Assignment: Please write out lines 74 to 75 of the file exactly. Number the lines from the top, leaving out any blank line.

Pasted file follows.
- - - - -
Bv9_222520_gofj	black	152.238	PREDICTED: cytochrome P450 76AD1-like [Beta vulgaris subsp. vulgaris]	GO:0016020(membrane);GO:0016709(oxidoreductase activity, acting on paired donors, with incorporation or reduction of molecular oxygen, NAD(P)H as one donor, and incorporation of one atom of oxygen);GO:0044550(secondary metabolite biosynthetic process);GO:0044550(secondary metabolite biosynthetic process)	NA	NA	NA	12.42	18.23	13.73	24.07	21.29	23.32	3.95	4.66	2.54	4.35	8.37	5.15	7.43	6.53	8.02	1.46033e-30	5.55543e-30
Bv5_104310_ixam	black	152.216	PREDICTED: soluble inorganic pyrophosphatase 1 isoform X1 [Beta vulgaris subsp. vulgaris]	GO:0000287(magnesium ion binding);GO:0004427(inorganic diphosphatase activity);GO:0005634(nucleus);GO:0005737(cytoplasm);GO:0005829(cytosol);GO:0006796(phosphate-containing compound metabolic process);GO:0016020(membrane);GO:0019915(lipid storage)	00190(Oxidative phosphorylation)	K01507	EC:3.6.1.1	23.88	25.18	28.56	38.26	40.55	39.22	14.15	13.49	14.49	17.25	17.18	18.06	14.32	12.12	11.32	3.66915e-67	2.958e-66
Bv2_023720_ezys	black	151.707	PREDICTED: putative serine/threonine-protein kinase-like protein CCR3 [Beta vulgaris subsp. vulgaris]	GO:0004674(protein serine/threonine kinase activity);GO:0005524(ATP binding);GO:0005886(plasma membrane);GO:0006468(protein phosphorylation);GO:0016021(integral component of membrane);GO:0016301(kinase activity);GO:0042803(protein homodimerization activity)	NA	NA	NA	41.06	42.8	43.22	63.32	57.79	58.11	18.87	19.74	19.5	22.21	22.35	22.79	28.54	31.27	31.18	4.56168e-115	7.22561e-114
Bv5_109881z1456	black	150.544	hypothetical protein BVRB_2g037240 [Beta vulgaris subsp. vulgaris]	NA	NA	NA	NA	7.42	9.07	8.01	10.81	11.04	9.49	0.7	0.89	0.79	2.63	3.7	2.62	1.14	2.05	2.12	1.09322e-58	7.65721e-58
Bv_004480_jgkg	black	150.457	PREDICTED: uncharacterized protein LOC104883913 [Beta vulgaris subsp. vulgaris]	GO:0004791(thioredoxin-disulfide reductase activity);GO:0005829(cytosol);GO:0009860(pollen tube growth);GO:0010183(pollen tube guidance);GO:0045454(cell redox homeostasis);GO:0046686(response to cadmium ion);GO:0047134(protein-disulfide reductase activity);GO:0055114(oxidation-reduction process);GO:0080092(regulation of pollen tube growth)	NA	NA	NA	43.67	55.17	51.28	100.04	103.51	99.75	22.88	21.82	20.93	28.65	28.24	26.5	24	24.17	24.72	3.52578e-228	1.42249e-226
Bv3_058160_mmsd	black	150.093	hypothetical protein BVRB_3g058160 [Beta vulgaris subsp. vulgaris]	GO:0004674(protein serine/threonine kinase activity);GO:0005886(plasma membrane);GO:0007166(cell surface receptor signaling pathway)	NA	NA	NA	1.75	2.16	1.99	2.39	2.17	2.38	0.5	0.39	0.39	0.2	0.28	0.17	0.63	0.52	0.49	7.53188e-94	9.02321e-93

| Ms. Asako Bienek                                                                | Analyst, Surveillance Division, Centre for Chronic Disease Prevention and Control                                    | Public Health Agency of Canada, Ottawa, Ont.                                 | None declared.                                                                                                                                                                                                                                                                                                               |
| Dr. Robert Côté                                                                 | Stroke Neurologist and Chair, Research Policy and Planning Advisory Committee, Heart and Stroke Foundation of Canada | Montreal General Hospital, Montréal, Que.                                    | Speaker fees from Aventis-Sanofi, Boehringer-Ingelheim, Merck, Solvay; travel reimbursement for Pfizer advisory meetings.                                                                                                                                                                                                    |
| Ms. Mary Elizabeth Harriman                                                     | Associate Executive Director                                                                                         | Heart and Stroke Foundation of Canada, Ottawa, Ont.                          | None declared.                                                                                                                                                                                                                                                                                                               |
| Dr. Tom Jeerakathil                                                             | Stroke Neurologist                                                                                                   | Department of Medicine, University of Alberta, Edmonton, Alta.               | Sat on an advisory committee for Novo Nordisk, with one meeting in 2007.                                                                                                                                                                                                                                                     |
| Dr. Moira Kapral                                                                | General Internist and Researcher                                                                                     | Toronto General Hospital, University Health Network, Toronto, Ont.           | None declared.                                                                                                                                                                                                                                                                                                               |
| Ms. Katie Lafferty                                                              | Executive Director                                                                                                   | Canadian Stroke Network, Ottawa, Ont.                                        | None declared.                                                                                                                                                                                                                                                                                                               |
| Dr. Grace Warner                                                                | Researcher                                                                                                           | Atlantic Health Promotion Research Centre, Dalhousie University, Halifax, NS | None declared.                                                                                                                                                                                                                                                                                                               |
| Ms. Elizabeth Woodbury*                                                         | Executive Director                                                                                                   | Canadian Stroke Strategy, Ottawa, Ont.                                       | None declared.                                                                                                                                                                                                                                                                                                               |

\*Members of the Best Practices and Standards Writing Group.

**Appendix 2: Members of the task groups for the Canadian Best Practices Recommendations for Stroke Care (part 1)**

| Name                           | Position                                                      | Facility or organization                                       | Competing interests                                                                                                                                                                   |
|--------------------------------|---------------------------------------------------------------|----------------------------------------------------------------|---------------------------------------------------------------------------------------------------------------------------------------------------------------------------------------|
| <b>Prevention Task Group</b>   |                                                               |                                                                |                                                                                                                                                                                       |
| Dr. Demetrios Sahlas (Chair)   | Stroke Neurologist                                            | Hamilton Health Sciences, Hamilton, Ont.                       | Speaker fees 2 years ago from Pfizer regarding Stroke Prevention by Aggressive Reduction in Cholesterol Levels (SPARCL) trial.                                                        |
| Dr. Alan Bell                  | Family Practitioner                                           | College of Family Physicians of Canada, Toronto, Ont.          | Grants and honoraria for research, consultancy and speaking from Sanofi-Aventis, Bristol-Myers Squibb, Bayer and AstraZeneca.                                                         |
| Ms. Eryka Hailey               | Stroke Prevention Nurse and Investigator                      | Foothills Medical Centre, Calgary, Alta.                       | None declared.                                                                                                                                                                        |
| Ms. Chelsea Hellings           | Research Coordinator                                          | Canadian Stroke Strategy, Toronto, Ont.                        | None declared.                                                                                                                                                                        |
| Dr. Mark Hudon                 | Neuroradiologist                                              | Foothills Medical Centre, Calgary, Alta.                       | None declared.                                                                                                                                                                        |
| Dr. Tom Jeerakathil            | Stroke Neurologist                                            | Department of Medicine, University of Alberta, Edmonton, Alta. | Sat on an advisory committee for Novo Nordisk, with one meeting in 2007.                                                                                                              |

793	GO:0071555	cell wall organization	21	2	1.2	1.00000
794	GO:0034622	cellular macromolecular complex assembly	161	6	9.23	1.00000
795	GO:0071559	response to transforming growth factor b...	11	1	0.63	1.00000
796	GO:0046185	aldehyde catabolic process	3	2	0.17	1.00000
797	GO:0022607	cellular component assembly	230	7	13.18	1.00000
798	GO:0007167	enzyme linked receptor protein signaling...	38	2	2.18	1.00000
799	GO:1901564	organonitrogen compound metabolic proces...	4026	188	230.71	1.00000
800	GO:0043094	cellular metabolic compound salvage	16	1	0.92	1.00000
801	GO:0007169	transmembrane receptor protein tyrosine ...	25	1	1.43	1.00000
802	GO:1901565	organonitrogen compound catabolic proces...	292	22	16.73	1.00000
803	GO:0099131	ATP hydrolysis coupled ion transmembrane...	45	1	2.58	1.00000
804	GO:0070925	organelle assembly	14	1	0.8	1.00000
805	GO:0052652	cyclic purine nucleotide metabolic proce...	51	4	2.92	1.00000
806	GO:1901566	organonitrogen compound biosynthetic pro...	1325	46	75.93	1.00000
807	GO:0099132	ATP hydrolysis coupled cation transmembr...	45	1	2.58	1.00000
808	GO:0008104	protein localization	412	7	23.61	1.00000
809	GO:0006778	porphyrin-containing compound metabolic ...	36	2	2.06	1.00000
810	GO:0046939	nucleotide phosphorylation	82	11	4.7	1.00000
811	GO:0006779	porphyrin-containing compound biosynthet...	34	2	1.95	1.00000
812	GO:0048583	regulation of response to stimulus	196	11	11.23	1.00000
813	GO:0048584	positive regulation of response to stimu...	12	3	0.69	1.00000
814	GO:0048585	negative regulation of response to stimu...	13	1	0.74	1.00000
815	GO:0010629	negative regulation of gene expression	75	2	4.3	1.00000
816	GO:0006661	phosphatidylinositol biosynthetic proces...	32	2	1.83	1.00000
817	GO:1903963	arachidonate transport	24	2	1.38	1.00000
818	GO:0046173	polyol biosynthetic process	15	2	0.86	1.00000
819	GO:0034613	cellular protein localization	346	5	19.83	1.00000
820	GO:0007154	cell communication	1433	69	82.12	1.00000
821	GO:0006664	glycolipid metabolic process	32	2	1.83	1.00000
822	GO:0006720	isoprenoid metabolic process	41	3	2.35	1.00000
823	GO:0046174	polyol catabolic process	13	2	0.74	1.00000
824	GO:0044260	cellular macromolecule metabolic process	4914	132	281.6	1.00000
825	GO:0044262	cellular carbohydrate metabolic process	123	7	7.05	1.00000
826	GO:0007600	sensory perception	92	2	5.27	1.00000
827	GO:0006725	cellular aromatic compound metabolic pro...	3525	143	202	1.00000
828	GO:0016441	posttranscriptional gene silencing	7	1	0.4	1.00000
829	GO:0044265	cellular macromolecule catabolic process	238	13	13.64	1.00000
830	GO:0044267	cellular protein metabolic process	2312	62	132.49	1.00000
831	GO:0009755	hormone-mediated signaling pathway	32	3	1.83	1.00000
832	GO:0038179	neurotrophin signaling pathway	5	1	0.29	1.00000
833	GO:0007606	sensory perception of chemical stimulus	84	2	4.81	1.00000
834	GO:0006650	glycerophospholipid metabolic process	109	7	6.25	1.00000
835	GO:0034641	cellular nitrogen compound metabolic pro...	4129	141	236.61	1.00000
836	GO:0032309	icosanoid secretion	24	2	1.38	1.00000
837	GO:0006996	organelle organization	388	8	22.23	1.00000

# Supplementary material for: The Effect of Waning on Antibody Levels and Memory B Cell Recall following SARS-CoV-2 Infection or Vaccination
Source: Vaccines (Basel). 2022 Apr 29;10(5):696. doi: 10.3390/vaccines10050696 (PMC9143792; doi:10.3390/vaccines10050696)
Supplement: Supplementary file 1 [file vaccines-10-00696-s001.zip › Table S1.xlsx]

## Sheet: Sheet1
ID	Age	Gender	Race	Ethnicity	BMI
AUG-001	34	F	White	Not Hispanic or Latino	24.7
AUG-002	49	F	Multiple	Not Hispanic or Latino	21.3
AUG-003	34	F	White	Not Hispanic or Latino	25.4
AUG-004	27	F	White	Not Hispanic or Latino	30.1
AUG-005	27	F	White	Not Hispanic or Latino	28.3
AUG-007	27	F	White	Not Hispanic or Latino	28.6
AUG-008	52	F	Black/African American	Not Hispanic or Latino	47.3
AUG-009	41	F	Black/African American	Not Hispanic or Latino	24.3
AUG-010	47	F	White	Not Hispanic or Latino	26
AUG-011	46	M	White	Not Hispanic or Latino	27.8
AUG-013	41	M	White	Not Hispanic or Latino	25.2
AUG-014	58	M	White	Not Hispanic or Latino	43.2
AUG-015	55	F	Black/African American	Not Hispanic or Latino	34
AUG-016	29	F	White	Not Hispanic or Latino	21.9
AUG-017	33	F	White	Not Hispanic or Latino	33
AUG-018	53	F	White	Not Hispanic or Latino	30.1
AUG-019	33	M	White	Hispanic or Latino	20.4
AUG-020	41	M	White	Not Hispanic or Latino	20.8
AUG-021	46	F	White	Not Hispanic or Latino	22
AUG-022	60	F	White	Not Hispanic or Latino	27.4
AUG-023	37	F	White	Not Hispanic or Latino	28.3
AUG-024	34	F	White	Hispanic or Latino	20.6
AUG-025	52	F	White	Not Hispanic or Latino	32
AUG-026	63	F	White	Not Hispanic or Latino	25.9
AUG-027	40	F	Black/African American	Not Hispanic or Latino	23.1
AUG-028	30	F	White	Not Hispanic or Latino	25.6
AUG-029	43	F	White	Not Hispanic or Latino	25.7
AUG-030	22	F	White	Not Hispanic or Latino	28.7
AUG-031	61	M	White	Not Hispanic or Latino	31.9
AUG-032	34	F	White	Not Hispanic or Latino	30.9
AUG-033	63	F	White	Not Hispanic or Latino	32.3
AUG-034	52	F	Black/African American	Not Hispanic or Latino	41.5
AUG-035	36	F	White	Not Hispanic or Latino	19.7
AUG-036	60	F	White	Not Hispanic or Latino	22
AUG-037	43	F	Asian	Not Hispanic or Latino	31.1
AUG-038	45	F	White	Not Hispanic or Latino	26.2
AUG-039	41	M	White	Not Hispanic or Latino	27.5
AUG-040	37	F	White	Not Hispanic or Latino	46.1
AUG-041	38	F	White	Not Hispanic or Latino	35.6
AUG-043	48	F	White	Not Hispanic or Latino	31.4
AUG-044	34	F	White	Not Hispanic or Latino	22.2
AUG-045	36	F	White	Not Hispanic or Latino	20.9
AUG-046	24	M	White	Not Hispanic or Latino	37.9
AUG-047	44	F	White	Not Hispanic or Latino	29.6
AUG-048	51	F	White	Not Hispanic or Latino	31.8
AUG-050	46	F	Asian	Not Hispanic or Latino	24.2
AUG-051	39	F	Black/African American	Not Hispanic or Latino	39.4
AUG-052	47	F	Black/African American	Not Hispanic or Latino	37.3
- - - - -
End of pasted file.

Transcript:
## Sheet: Sheet1
ID	Age	Gender	Race	Ethnicity	BMI